This led to the next breakthrough where OrTran got drivers home every weekend and kept their average weekly miles between 2,500 and 2,700.

The most recent iteration is “Driver Tours,” where drivers can return home daily after completing a round trip of approximately 500 miles. A driver takes a load 250 miles out, hooks up to a loaded trailer at the midpoint or final destination, and makes a return trip.

Kansas City, Mo., is the main pivot point in the Driver Tours network. The first tour began by setting up a secure drop lot in Muskogee, Okla., halfway between customer shipping and receiving facilities in Kansas City and Dallas. This freight lane has a distance of 500 miles, and drivers assigned to the tour are based in Kansas City and Muskogee.

It also started new Driver Tours from Kansas City to St. Louis, Mo., to Wichita, Kan., and to Crete, Neb. Another pivot point is St. Louis and it has a Driver Tour to Indianapolis, Ind. The company is presently working on another tour between Indianapolis and Atlanta, Ga.

OrTran began using slip seat operations to maximize asset utilization. Its trucks average more than 3,400 miles per week using two driver shifts. One group starts a shift at 6 AM and another at 6 PM from Kansas City, for example.

img_85734Besides having a new recruiting pitch, spelled out in its website, the company has a new story to tell customers. Sometimes management has to remind them that any delays in loading or unloading can prevent drivers from returning home due to hours-of-service restrictions, Orscheln says.

“Customers want it to succeed,” he says. “Not all of them do, but it is definitely intriguing.”

The new model has had some setbacks. Just as Orscheln and Gallup were going through network changes the freight market softened, making it difficult to keep the Driver Tours network balanced.

“It is hurting us and we have to be careful of deadhead. Sometimes we send drivers home empty, but at least we are trying something new,” he says.

Since 2013, approximately 80 percent of the office staff has turned over due to downsizing for economic reasons and as the fleet has become more efficient through technology.

In some instances, employees were let go because they “wanted to stay in the old model and talk down to drivers,” Orscheln says.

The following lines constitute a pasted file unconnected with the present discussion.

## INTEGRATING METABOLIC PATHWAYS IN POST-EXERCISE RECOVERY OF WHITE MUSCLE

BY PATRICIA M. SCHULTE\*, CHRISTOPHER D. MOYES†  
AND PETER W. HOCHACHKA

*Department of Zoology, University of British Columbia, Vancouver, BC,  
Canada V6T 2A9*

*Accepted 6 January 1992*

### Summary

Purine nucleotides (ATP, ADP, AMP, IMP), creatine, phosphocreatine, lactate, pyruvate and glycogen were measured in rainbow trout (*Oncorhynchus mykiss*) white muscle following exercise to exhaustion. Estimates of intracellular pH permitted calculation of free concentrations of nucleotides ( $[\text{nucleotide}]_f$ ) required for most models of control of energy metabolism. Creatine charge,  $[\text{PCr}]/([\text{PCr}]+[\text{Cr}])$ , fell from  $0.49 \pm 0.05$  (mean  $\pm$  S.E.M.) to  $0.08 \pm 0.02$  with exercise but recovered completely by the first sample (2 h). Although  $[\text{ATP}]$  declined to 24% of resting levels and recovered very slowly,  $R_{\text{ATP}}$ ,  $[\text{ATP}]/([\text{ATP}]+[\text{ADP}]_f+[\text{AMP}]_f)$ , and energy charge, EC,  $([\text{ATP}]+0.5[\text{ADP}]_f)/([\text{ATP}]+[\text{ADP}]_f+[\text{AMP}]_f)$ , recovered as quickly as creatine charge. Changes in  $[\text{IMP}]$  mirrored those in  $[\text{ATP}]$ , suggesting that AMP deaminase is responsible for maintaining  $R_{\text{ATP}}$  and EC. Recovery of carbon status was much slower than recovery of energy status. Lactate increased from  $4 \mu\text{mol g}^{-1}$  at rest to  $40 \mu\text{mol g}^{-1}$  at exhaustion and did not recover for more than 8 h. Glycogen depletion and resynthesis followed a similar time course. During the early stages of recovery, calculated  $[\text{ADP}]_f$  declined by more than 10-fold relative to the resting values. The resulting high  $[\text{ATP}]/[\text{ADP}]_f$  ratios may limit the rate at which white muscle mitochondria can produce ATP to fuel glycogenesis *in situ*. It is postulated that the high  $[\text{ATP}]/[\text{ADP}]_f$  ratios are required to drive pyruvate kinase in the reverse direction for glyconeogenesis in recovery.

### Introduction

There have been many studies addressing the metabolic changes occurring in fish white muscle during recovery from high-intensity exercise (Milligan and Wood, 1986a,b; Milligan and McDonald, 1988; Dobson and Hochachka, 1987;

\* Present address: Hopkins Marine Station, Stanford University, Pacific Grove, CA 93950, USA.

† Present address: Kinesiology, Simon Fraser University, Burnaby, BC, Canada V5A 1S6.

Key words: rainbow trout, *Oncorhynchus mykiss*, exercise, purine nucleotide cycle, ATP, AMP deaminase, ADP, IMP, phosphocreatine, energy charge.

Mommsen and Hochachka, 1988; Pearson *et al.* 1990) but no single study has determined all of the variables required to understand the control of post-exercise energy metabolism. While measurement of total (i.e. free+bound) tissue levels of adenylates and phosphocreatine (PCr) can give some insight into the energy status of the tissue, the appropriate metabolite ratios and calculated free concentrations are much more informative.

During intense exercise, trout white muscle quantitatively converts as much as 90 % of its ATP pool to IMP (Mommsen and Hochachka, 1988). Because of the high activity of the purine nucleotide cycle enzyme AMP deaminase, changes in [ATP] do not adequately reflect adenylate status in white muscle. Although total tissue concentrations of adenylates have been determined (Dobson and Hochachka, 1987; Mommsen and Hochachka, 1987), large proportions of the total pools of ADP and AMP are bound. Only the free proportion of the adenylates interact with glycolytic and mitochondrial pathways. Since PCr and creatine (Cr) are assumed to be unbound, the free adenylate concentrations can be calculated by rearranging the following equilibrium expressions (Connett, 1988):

Comparing results

At present, OrTran runs 60 trucks and 100 drivers. In terms of power units the company is half the size of 2013, but is growing with plans to reach 100 trucks, he adds.

Compared to 2013, OrTran’s overhead is down $250,000 a month and fuel costs have dropped $31,000 per month. It also is saving $65,000 in operating expenses.

Driver recruiting has improved by attracting a younger and more professional group of drivers, Gallup says. The new business model has made it possible to be more selective in who it chooses to retain.

“We are at a point now where we are replacing guys that we would traditionally hold onto,” he says. “Operationally, things are much better. We are not dealing with chronic issues.”

In 2013 the company had an internal staff of two recruiters and it used outside recruiters. Today its recruiting expenses are down by $40,000 a month with only one internal recruiter on staff, Gallup says.

leadership-team-sized3The company’s driver turnover is still high — currently at 14 percent a month — but Orscheln expects it will go down as drivers get used to the additional responsibilities that come with the new work schedules that get them home every day.

Sometimes drivers do not show up to work on time when they are home more often, he says. Others find they are better suited for a life on the road.

“Everybody thinks they want to be home, but some marriages work by the driver not being home,” he says.

With a soft economy in 2016, OrTran has not yet seen big financial returns from efforts to improve driver lives, but leadership believes it is moving in the right direction.

“We can’t say we’ve been successful yet, but we are trying to do something different,” Orscheln says.